Voices on the Edge

J. Christopher - Stockbridge, Massachusetts
Entered on July 13, 2008

The text message said, “Call me as soon as you can.” The time stamp read, 5:28 am—a bad time to get a message from another psychotherapist at my hospital. I’m on vacation in the desert southwest, enjoying the tranquility of living simply for a few weeks, and the message snaps me back to reality. I am a clinical researcher specializing in treating high-risk suicidal psychiatric patients. My days are spent working with young adults who survived a near-lethal suicide attempt prior to coming to our hospital. I try to save them from self-destruction, and in this long process, they teach me why they want to die.

I believe suicide is one of the great tragedies of modern existence. Suicide does not discriminate—it steals the lives of young and old, the rich and successful as well as the poor and disenfranchised. Suicide has reached epidemic proportions, especially among teens and young adults. In the US, it’s the third leading cause of death for people between 15 and 24. As incomprehensible as it seems, every 16 minutes someone in the US commits suicide, leaving behind grieving and confused friends and family.

The young people I treat tell a strikingly similar story. At some point they felt trapped in a role –sometimes it’s the sick child, sometimes the black sheep, or some other role that feels suffocating and impossible. Trapped and seeing no way out, they cannot find the words to communicate the emotional frustration and hopelessness—most of the time they don’t fully know why they are so desperate. In an acute state of emotional turmoil, and with no place to turn, these people are at greatest risk for suicide because they cannot imagine the suffering will end.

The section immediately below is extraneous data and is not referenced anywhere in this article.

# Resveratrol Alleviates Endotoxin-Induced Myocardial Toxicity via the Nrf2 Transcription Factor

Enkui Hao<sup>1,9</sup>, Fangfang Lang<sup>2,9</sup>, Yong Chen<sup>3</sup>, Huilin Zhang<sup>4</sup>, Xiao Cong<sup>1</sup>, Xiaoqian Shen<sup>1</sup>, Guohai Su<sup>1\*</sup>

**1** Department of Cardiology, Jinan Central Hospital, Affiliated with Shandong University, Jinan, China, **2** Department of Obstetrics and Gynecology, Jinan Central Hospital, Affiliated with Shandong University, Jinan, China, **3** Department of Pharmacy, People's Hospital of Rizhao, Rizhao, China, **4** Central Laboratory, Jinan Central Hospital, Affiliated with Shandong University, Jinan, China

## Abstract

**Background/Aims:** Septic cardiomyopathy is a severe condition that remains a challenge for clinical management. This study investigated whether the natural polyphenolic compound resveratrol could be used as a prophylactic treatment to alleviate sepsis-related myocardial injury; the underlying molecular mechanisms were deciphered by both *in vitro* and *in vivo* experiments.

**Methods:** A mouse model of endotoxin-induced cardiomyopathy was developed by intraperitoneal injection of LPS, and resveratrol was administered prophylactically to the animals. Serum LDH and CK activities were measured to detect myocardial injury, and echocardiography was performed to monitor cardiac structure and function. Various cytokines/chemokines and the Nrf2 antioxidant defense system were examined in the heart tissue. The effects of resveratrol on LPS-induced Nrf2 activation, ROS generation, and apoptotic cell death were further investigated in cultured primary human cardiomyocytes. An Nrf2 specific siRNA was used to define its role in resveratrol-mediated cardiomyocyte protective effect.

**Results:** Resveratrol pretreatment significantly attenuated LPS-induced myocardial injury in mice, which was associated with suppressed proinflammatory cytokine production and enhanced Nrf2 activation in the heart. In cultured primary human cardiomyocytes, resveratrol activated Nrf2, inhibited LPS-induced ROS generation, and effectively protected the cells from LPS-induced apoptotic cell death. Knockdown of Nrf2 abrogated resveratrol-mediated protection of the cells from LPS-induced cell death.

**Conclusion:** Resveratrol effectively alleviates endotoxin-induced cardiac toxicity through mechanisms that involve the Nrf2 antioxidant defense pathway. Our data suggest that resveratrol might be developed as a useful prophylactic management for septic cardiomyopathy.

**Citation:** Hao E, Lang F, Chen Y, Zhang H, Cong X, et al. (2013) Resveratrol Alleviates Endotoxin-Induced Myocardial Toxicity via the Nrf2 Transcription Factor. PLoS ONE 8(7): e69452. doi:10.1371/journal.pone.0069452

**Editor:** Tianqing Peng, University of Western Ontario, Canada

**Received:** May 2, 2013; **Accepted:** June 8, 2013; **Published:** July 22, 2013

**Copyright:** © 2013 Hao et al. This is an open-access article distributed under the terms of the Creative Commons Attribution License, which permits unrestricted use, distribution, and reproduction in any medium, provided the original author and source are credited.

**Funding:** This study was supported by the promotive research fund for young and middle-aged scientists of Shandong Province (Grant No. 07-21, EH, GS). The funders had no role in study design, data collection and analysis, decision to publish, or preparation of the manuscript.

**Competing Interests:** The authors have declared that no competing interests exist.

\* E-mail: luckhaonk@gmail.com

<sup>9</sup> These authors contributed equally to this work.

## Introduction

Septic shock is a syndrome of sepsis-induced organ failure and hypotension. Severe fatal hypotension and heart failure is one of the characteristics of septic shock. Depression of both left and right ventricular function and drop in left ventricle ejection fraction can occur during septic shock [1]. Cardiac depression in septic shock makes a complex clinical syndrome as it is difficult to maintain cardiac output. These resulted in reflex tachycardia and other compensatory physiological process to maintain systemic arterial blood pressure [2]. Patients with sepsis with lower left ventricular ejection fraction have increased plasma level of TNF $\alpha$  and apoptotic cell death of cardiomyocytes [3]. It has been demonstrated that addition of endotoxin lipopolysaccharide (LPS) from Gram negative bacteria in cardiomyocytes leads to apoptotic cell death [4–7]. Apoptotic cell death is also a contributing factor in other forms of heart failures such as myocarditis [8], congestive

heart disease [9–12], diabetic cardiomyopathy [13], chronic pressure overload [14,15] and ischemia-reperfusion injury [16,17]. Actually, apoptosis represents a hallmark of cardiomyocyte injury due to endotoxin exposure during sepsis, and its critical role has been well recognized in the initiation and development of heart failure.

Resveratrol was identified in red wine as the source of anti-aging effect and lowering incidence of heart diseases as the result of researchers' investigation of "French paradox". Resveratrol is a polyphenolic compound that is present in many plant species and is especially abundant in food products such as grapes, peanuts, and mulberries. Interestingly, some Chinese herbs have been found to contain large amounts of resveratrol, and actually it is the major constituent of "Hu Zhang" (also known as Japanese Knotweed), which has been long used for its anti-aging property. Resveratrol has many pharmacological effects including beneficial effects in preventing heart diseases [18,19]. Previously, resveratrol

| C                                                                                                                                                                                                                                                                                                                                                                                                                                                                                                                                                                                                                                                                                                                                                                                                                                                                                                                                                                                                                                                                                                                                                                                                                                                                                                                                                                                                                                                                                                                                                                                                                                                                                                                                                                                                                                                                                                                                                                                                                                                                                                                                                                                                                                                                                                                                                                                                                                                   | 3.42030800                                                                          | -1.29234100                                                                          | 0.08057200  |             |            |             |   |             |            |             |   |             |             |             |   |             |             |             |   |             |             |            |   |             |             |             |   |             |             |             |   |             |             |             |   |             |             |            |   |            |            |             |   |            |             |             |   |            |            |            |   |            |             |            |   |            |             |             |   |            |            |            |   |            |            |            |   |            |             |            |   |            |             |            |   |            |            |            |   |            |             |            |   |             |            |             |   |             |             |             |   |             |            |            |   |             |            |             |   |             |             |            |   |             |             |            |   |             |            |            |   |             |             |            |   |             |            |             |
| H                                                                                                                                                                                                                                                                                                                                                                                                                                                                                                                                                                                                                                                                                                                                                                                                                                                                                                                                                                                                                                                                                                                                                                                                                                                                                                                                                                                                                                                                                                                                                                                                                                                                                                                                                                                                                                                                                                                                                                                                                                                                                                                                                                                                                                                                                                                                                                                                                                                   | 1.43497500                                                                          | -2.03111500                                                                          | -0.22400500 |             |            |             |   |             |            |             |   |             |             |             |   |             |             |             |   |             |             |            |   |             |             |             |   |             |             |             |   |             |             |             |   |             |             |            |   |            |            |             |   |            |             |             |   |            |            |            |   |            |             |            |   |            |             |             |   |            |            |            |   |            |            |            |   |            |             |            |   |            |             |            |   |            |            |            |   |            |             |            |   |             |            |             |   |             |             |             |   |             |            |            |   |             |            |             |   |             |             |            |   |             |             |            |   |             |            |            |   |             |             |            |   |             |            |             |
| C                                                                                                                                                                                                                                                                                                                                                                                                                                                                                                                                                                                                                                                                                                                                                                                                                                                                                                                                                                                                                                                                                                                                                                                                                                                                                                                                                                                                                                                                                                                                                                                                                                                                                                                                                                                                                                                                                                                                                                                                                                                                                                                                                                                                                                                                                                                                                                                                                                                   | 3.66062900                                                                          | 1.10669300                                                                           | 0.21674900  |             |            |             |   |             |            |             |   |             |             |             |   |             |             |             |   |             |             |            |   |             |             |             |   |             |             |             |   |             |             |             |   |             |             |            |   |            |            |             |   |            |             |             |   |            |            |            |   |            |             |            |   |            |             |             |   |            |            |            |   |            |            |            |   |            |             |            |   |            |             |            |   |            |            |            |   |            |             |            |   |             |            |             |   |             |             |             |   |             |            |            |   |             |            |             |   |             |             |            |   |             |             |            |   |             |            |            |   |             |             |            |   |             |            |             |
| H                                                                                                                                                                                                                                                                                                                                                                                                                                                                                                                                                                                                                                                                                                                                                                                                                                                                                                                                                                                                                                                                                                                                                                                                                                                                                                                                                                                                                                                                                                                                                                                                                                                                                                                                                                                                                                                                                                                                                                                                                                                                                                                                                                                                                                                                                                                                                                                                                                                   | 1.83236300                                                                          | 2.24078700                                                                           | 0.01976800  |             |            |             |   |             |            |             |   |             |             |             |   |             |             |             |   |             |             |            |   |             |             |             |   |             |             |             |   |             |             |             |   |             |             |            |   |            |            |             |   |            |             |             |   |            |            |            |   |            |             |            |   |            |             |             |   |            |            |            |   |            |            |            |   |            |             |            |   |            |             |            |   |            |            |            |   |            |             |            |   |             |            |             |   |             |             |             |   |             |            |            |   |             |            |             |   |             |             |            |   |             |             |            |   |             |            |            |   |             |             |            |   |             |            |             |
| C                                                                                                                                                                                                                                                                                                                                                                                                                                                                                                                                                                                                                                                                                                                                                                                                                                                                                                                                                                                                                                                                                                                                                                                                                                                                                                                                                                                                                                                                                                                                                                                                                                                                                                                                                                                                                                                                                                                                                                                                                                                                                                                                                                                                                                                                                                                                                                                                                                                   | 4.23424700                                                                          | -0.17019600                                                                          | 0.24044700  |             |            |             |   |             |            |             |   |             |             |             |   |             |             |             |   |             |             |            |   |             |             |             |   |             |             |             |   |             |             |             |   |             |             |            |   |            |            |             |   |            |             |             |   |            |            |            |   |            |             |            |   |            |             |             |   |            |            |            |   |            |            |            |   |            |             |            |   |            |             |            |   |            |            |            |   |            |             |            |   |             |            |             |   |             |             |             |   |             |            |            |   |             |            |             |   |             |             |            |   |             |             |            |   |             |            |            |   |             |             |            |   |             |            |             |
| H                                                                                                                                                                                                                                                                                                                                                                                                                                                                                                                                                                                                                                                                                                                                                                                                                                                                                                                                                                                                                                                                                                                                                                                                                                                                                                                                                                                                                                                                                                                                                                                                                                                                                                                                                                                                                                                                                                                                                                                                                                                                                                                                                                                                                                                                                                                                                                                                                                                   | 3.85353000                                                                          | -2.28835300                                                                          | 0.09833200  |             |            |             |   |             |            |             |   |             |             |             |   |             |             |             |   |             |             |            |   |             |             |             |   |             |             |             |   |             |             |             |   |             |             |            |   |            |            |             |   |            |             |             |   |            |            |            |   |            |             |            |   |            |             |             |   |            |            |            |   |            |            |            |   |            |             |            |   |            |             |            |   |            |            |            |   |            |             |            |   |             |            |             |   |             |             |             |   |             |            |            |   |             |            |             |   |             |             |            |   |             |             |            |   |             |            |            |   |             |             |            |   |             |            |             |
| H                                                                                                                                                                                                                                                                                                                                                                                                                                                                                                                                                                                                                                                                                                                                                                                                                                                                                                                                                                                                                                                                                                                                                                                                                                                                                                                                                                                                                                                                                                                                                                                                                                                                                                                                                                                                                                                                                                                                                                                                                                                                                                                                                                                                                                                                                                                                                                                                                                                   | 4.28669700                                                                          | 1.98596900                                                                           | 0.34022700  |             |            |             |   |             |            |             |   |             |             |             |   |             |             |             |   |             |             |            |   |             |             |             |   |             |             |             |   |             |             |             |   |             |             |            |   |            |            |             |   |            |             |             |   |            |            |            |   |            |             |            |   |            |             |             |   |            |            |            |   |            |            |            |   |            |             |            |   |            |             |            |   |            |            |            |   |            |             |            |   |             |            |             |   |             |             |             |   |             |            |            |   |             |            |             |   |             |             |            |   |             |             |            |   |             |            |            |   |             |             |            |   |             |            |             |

Suicide is the final desperate act of a person who cannot find a meaningful, authentic, and viable existence in our society, and can no longer bear the intensity of their emotional suffering. One of my deepest pleasures comes from helping young people learn how to cope with intense emotions, and then bearing witness to their discovery of an authentic voice with which to speak and break out of stifling roles. But grief and frustration gnaws at me when I think of the epidemic of suicide, the needless suffering of suicidal people, and the grief of loved ones left behind.

For far too long, suicide has been caught up in religious dictates against mortal sin. This association has kept suicide in the shadows because shame about mental illness inhibits many people from seeking help, leads to under funded research and treatments, and keeps the issue buried. The suicidal need our compassion, they need better treatments and they need our help in discovering a better ways of coping with their emotional turmoil.

I think about my newest patient as she struggles to find a reason to live. I think about that text message. I think about the thousands of young people every year who make a serious suicide attempt, and I hope for their future.